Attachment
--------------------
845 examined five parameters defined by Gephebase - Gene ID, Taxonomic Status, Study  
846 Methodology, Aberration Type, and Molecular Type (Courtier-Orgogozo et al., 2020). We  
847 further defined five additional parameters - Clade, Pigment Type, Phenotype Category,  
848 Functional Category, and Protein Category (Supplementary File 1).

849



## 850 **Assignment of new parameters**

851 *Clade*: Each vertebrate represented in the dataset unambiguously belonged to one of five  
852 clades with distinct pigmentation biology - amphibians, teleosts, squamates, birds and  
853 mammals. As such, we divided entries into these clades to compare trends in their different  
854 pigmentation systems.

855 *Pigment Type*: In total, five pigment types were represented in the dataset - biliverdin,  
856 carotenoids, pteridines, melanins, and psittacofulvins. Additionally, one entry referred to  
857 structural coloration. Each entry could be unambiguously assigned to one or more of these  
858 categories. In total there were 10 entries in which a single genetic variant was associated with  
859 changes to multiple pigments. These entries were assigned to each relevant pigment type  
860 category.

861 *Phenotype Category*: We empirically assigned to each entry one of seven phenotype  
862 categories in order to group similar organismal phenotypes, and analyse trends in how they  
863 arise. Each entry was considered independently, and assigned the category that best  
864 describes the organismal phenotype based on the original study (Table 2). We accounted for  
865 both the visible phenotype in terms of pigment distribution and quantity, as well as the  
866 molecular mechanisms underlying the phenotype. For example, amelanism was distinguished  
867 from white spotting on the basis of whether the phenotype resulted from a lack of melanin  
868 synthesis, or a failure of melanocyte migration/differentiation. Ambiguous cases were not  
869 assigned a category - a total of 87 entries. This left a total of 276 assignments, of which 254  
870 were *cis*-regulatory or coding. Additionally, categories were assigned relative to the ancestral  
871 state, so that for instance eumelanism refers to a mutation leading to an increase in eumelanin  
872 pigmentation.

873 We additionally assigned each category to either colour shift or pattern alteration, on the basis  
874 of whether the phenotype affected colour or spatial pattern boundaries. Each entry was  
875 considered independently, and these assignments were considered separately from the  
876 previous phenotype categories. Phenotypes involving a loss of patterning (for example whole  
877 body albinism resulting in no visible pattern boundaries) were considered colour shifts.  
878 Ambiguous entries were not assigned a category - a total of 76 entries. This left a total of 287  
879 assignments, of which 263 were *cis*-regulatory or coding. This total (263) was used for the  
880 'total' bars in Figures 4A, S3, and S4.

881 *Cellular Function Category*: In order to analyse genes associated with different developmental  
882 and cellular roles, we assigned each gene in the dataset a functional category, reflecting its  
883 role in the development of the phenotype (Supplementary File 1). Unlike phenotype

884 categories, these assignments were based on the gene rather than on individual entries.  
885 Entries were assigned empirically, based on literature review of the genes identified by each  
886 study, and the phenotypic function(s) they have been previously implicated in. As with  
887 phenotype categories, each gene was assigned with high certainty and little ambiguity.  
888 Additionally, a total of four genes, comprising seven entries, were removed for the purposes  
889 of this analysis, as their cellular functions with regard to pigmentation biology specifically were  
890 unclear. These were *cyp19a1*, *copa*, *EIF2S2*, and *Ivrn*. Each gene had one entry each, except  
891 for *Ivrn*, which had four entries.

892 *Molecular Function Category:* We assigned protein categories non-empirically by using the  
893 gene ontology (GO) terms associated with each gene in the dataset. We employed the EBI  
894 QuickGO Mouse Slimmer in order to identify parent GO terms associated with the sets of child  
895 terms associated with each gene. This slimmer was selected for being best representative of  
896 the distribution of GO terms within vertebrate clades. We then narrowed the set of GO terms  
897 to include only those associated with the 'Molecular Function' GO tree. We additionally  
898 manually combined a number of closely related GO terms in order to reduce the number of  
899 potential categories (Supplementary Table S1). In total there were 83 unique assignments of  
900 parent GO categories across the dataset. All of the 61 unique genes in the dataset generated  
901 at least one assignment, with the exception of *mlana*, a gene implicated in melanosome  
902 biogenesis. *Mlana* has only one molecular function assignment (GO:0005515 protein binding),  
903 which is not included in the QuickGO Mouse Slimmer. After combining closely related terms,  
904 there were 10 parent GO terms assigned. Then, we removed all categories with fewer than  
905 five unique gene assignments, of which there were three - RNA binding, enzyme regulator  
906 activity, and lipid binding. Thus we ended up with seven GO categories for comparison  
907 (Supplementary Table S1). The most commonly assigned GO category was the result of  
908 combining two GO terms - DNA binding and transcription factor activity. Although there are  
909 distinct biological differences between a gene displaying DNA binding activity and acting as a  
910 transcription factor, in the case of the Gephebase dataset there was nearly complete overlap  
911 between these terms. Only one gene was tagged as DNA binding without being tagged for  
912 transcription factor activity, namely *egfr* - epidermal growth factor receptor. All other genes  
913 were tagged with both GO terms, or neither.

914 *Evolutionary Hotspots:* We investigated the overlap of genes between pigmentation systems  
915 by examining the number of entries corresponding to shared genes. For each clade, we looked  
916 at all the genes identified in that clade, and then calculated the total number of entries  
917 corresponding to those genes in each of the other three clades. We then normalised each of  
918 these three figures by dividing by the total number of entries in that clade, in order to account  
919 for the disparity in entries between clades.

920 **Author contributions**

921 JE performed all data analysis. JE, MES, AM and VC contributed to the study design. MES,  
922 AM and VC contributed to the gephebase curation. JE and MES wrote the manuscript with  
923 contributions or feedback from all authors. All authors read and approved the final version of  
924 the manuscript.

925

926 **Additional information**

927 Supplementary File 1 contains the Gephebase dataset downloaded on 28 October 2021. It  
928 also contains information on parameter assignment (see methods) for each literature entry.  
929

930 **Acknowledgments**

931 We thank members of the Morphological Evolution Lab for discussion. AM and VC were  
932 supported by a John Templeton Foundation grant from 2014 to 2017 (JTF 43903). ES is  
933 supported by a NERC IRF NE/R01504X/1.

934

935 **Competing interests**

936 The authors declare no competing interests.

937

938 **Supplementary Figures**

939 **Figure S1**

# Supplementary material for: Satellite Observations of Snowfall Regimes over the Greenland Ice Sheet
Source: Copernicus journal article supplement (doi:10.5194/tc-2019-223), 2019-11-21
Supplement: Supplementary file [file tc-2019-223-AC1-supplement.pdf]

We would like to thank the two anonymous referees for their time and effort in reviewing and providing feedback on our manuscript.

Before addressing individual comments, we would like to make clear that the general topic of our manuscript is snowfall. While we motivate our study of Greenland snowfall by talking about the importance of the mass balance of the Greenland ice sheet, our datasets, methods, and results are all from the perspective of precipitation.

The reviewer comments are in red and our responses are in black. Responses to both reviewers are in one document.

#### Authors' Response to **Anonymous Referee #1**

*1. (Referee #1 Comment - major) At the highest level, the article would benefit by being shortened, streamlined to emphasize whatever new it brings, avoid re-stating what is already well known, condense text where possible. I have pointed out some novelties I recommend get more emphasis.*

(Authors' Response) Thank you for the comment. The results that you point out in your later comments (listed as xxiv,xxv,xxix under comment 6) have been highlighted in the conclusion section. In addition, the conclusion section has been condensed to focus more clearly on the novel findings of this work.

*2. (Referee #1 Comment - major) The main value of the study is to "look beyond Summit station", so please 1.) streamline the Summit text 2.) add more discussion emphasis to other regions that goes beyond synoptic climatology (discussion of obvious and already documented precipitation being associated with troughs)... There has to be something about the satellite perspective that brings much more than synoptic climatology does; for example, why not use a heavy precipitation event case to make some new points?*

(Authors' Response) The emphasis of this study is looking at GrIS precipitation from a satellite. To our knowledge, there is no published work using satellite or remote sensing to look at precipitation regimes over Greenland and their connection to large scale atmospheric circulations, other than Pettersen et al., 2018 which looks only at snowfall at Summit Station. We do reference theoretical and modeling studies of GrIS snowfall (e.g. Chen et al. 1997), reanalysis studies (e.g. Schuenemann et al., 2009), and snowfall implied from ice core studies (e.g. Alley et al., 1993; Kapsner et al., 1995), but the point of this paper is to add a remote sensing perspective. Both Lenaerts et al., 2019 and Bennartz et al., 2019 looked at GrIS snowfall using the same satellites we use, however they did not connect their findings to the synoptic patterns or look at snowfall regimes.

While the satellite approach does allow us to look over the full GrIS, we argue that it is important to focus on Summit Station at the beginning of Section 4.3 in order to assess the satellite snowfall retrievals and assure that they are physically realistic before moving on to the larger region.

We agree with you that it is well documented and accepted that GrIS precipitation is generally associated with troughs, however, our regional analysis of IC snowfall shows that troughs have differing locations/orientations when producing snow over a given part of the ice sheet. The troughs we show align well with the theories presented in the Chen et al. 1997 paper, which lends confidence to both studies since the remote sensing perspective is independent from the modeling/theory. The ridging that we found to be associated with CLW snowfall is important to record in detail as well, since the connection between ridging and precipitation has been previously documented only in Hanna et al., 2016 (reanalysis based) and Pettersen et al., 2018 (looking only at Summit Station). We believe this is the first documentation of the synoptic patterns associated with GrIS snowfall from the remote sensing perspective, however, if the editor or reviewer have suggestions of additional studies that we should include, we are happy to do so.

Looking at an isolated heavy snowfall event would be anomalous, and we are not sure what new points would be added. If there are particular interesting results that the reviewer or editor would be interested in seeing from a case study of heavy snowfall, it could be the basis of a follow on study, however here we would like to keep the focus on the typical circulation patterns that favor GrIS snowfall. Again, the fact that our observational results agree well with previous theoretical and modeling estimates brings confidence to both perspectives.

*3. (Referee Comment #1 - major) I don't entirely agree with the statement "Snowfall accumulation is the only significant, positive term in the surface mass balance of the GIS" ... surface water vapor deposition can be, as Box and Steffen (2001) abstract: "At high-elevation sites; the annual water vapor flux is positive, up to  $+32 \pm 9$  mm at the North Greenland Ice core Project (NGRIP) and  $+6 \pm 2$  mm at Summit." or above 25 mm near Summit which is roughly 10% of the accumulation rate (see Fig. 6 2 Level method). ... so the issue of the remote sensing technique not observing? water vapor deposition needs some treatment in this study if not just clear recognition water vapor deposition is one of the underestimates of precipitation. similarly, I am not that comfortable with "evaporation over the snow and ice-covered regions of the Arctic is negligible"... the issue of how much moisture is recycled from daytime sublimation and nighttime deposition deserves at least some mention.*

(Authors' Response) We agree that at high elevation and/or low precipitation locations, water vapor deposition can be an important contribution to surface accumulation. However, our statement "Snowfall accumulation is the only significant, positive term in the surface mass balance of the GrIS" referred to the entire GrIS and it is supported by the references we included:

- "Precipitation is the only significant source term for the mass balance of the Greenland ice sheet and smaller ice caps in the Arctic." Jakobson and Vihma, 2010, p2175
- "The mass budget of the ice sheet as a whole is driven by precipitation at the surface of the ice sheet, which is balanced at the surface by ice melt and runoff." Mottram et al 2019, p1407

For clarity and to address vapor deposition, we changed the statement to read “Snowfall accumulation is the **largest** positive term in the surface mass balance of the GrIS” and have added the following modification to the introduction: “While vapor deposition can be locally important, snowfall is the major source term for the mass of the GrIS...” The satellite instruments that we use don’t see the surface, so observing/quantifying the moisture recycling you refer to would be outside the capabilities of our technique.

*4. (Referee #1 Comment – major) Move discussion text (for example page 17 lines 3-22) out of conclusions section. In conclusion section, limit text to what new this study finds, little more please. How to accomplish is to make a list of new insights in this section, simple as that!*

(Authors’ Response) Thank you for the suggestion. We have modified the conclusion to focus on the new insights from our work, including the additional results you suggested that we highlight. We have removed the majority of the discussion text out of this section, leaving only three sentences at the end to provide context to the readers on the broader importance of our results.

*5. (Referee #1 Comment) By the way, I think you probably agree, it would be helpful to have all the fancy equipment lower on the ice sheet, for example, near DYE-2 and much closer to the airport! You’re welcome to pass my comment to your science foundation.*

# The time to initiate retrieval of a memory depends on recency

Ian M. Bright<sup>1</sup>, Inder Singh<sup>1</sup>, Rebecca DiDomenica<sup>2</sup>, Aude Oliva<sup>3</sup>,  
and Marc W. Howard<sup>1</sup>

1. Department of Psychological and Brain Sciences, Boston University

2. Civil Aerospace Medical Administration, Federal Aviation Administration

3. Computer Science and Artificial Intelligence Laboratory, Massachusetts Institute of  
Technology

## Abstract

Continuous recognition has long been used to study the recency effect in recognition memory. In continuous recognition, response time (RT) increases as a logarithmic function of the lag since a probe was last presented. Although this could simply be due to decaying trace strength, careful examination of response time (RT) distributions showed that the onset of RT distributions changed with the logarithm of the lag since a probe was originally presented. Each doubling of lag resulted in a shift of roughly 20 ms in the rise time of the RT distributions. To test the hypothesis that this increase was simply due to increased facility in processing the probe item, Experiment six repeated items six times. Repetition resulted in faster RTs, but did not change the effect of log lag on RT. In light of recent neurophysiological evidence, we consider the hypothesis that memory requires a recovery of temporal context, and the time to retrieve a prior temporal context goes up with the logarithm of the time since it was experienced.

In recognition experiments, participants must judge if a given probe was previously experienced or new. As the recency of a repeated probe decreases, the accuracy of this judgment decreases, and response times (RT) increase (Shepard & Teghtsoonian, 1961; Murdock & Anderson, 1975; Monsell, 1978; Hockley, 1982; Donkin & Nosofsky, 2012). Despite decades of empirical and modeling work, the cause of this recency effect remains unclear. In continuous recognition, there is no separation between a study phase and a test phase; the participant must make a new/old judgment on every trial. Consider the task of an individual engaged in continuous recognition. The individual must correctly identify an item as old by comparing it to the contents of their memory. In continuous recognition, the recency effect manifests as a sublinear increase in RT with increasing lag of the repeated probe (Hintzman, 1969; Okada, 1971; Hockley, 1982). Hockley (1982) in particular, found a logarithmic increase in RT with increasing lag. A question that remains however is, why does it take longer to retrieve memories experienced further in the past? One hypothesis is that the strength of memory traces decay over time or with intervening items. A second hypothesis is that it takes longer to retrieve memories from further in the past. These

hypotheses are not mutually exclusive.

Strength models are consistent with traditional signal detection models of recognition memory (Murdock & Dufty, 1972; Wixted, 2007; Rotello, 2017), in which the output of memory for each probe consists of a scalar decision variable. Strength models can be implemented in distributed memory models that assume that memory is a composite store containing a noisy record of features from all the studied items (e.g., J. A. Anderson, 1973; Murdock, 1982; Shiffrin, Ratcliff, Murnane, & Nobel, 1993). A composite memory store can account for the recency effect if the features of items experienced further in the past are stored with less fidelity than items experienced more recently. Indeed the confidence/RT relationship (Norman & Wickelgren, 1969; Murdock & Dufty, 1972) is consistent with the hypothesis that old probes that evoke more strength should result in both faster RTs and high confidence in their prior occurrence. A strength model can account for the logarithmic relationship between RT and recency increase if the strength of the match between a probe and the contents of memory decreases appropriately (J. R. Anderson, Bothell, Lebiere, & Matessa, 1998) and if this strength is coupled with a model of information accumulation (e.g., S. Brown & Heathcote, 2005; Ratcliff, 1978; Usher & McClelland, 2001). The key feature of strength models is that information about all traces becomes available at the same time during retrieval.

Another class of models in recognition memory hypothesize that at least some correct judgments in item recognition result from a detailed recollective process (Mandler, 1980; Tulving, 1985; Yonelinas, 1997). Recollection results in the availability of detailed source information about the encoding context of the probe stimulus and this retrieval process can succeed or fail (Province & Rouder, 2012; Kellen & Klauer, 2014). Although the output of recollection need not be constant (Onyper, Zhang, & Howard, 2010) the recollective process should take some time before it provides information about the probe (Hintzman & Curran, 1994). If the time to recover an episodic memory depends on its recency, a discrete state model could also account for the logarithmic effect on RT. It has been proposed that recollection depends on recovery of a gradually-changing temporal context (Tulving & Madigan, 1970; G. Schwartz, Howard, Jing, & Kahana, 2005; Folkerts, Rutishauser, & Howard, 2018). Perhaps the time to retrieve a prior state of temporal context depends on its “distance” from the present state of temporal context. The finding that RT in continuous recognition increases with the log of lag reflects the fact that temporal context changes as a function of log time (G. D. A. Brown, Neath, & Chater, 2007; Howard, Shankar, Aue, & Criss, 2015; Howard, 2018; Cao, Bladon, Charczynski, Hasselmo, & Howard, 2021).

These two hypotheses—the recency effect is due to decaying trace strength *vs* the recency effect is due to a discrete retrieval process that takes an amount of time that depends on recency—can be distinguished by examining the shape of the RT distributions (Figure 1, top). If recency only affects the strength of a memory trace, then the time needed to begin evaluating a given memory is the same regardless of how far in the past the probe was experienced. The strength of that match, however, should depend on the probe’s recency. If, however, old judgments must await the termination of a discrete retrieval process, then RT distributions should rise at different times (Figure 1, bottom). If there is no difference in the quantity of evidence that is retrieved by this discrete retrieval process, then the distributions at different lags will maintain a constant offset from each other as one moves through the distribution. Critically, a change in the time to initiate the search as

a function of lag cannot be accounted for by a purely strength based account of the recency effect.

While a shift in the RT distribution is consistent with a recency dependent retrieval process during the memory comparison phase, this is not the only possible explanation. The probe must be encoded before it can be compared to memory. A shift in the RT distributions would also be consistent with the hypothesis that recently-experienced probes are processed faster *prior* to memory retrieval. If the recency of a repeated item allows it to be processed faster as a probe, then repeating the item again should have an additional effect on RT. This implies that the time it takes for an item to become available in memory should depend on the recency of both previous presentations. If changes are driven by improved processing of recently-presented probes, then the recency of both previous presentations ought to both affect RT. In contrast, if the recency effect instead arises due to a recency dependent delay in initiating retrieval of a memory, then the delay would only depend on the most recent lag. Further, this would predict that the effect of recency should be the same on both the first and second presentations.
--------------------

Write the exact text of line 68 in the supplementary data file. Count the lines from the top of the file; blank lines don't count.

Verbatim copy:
912 transcription factor activity, namely *egfr* - epidermal growth factor receptor. All other genes  